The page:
If Afrobeat with hints of House and Reggaeton is your thing when it comes to music, Francetta Evans-Anfom has you covered at Dats Muzik. Discovering a flair for writing at school, Francetta uses her skillset to hype up emerging talent in the music sphere and report on the combination of music with fashion.
Read on for Francetta’s take on whether talent shows are more about the contestants or their celebrity judges, if hologram performances are a good idea and what music got her through lockdown.
How did you get started with writing about music?
Music has always been a passion of mine and writing just comes naturally to me. So, I combined the two and started my blog, where I write music reviews, live music reviews and #fashionandmusicunites. I realised that more and more emerging talent, from bands to DJs, were performing locally and needed support with their PR and exposure.
For writing – during secondary school, I won the ‘Young Writer’s Poetry’ competition, for 11-18-year-olds, for South East England. With university and my career I realised I had a skill, as content writing and copywriting were always the roles I got. Nowadays, I write a lot about Afrobeat (with hints of HipHop, Dance/Electro/House, Funk and Reggaeton/New Flamenco) music by emerging talents, as it’s one genre that is exploding in the music industry now.
What’s your favourite thing to post about on your blog?
I love writing blog posts about fashion and music uniting. Lizzo has just been on the front cover of Vogue, so I’ll be writing about that.
Do you think shows like The Voice and Britain’s Got Talent are still a good route into the music industry for wannabe musicians?
It’s still the quickest route to gaining awareness and becoming an established artist or band but it still takes a long time and is hard work. Little Mix are giving their knowledge and experience to new singers out there with their new show. Good on them, but it’s just another PR route – more exposure for them than the singers competing. The same for The Voice – I believe, now, it’s more exposure for the judges. Who has become a successful winner? Name one. Becky Hill is still going strong, but she never won.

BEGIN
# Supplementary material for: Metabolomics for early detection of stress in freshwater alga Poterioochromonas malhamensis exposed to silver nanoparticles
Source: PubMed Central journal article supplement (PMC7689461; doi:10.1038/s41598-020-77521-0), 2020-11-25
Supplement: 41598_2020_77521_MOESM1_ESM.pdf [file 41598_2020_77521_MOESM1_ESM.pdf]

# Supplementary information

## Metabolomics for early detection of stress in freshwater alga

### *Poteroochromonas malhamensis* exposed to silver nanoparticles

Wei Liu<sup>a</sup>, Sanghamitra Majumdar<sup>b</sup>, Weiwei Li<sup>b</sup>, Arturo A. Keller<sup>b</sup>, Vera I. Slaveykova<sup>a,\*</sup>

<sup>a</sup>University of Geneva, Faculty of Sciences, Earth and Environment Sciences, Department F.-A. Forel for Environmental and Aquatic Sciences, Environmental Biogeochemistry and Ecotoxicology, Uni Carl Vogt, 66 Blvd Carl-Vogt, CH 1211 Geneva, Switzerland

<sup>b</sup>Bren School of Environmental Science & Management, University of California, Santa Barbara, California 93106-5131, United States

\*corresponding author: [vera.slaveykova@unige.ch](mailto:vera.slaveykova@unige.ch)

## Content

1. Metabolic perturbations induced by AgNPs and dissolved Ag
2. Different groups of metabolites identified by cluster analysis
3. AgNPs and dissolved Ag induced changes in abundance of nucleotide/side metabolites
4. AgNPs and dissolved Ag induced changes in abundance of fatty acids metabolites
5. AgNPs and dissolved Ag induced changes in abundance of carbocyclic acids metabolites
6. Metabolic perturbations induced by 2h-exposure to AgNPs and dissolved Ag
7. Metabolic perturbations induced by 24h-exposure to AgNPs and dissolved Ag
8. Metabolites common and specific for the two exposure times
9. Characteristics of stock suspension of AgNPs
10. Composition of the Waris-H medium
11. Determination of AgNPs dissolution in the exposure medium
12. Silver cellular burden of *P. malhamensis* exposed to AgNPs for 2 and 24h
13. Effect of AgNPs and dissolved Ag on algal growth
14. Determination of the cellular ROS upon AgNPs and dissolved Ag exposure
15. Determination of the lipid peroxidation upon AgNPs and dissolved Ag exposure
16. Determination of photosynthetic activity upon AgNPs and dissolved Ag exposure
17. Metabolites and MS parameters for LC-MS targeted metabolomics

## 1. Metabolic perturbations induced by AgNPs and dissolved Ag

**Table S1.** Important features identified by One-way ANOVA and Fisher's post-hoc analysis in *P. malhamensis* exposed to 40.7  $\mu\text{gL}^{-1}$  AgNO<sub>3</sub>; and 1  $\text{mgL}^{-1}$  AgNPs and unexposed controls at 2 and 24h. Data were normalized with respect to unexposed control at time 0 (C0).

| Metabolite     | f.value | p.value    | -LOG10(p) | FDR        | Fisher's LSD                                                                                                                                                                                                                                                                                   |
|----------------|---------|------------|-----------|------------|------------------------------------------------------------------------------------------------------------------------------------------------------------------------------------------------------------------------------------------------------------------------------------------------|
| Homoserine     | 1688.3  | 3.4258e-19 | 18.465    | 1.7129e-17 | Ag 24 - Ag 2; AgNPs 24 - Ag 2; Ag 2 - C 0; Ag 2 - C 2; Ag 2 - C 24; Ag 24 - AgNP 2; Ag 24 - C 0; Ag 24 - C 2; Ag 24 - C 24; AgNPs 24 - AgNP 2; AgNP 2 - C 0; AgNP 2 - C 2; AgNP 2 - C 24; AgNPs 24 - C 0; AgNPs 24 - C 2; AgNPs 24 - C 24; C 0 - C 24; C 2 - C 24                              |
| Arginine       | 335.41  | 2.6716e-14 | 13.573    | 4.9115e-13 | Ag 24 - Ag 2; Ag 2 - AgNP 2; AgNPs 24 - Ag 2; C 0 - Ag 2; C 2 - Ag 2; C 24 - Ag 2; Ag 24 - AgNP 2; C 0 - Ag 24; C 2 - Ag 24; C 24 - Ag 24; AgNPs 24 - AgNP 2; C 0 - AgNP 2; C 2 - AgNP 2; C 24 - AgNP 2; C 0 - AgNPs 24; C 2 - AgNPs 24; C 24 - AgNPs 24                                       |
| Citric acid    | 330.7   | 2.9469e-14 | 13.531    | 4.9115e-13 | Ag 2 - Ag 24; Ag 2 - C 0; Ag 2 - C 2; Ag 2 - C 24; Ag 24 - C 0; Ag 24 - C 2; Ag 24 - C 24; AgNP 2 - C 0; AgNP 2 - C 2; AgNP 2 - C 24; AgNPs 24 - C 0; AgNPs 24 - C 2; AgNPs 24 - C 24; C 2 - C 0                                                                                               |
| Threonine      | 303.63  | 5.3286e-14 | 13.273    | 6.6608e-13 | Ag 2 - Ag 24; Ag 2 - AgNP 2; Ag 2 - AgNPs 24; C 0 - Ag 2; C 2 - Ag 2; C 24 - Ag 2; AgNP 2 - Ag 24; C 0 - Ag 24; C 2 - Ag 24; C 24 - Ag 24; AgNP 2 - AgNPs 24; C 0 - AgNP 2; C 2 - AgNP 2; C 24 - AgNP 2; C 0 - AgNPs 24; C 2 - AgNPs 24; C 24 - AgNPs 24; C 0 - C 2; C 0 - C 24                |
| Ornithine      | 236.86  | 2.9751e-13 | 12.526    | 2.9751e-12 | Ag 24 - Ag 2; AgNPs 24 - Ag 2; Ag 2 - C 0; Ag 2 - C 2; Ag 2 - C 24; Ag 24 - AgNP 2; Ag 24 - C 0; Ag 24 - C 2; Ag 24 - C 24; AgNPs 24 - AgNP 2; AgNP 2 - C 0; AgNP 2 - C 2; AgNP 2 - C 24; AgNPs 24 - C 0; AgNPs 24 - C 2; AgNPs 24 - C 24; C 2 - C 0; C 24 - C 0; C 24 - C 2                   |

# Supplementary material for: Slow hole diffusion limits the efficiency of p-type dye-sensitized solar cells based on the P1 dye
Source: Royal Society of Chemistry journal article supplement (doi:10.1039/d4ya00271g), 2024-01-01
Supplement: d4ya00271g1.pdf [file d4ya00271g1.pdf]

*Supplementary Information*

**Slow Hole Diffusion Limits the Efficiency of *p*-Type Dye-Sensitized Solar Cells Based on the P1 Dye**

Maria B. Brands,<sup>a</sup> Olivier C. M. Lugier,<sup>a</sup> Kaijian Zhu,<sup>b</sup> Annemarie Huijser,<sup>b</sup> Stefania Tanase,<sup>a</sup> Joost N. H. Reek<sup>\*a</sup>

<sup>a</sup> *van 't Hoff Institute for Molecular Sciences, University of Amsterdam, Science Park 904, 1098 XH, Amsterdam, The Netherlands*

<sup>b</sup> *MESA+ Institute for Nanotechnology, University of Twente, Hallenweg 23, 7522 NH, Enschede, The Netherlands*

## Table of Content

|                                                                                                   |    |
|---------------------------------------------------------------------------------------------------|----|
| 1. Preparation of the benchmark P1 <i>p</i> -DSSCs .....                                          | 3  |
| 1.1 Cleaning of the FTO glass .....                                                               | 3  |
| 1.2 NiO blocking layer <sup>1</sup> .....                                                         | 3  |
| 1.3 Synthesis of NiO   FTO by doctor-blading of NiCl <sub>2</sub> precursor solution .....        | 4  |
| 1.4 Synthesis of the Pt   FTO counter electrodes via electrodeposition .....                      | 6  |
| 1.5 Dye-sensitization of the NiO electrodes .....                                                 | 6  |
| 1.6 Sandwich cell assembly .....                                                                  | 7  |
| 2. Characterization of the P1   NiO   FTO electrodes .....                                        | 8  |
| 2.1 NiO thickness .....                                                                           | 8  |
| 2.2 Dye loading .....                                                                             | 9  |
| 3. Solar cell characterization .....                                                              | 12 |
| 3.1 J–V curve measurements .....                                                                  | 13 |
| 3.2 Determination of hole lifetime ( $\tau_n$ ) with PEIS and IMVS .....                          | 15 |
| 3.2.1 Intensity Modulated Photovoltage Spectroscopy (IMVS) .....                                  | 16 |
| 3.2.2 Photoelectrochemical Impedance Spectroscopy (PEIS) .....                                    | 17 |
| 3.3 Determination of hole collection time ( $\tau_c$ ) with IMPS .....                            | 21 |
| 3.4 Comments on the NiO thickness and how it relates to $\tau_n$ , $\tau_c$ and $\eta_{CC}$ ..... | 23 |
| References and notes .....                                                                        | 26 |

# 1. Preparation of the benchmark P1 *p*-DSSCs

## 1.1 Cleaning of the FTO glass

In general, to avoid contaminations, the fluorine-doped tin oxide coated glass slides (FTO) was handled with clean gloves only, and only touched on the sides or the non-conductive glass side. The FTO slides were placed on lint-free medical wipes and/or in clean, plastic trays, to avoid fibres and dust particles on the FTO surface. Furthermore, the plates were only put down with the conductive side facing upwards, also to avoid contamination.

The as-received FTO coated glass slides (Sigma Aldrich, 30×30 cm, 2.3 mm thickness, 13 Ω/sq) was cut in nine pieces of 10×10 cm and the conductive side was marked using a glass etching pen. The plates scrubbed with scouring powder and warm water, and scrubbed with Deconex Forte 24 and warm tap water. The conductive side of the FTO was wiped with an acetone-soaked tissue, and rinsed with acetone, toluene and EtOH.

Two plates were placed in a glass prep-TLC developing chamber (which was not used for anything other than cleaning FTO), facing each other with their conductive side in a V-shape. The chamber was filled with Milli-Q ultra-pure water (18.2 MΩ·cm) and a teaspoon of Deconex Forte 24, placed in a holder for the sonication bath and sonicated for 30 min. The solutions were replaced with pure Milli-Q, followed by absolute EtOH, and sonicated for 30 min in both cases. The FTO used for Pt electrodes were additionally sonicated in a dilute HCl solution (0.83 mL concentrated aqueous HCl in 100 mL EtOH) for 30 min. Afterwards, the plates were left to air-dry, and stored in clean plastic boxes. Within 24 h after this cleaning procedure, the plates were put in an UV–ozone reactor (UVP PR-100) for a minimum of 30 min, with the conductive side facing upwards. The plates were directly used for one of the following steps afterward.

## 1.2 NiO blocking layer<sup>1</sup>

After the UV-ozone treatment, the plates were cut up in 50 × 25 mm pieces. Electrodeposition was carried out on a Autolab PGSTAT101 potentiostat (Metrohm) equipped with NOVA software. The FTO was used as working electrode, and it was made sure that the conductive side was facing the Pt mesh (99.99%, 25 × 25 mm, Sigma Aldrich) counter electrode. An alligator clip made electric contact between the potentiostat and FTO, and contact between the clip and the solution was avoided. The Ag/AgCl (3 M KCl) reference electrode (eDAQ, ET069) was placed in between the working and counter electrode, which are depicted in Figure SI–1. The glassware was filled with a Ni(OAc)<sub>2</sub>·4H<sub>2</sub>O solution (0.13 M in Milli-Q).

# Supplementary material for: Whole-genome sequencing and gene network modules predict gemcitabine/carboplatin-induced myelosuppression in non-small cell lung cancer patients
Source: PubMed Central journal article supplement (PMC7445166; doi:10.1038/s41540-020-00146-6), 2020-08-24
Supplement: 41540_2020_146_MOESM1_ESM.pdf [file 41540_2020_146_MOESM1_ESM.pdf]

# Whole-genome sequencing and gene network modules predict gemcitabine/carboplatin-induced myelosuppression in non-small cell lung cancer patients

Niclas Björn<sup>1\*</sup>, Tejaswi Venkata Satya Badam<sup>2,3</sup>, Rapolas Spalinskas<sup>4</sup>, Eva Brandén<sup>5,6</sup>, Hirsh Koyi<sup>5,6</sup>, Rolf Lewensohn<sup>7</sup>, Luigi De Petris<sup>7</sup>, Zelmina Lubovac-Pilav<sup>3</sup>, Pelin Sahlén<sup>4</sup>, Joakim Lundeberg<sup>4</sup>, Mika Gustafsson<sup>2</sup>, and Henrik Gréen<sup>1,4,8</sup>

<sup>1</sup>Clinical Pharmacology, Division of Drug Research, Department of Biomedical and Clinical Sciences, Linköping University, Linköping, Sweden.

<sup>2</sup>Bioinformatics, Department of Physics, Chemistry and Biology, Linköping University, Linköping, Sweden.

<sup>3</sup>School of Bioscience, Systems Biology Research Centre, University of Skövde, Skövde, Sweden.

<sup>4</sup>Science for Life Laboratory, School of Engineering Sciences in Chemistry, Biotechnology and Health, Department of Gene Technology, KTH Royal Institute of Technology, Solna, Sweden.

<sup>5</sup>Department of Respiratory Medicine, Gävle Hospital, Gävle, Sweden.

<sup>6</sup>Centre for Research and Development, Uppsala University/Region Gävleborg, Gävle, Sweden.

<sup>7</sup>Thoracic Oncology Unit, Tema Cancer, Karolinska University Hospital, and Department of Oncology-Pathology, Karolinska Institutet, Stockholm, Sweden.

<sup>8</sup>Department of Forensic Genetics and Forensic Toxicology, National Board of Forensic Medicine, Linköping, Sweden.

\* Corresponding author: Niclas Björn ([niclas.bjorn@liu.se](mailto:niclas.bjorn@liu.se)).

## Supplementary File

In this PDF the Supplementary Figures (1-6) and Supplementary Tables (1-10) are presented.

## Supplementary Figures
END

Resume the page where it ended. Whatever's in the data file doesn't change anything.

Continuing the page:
Britain’s Got Talent is brilliant because it allows singers, musicians and DJs from all genres to get exposure. For example, Ember Trio are an Electro, contemporary string trio. They performed on Britain’s Got Talent’s live shows this year. Will they win the prize of performing at The Royal Variety Performance? Fingers’ crossed. That’s what makes this show unique, compared to The X Factor, The Voice and Little Mix: The Search. These shows are a good route for wannabe singers, but we need shows for wannabe musicians and DJs. The same process, but for them.
Do you see the increase in the intersection of tech with music as a good thing – VR shows, holograms of musicians who are no longer with us, etc.?
I believe it’s a good thing to intersect technology with music but only for iconic artists, who have died e.g. George Michael, James Brown, Whitney Houston, Michael Jackson, Aliyah and Lisa ‘Left-Eye’ Lopes, etc. Their old fans miss them performing and the new generation will want to experience them performing.
What was the first song/album you bought?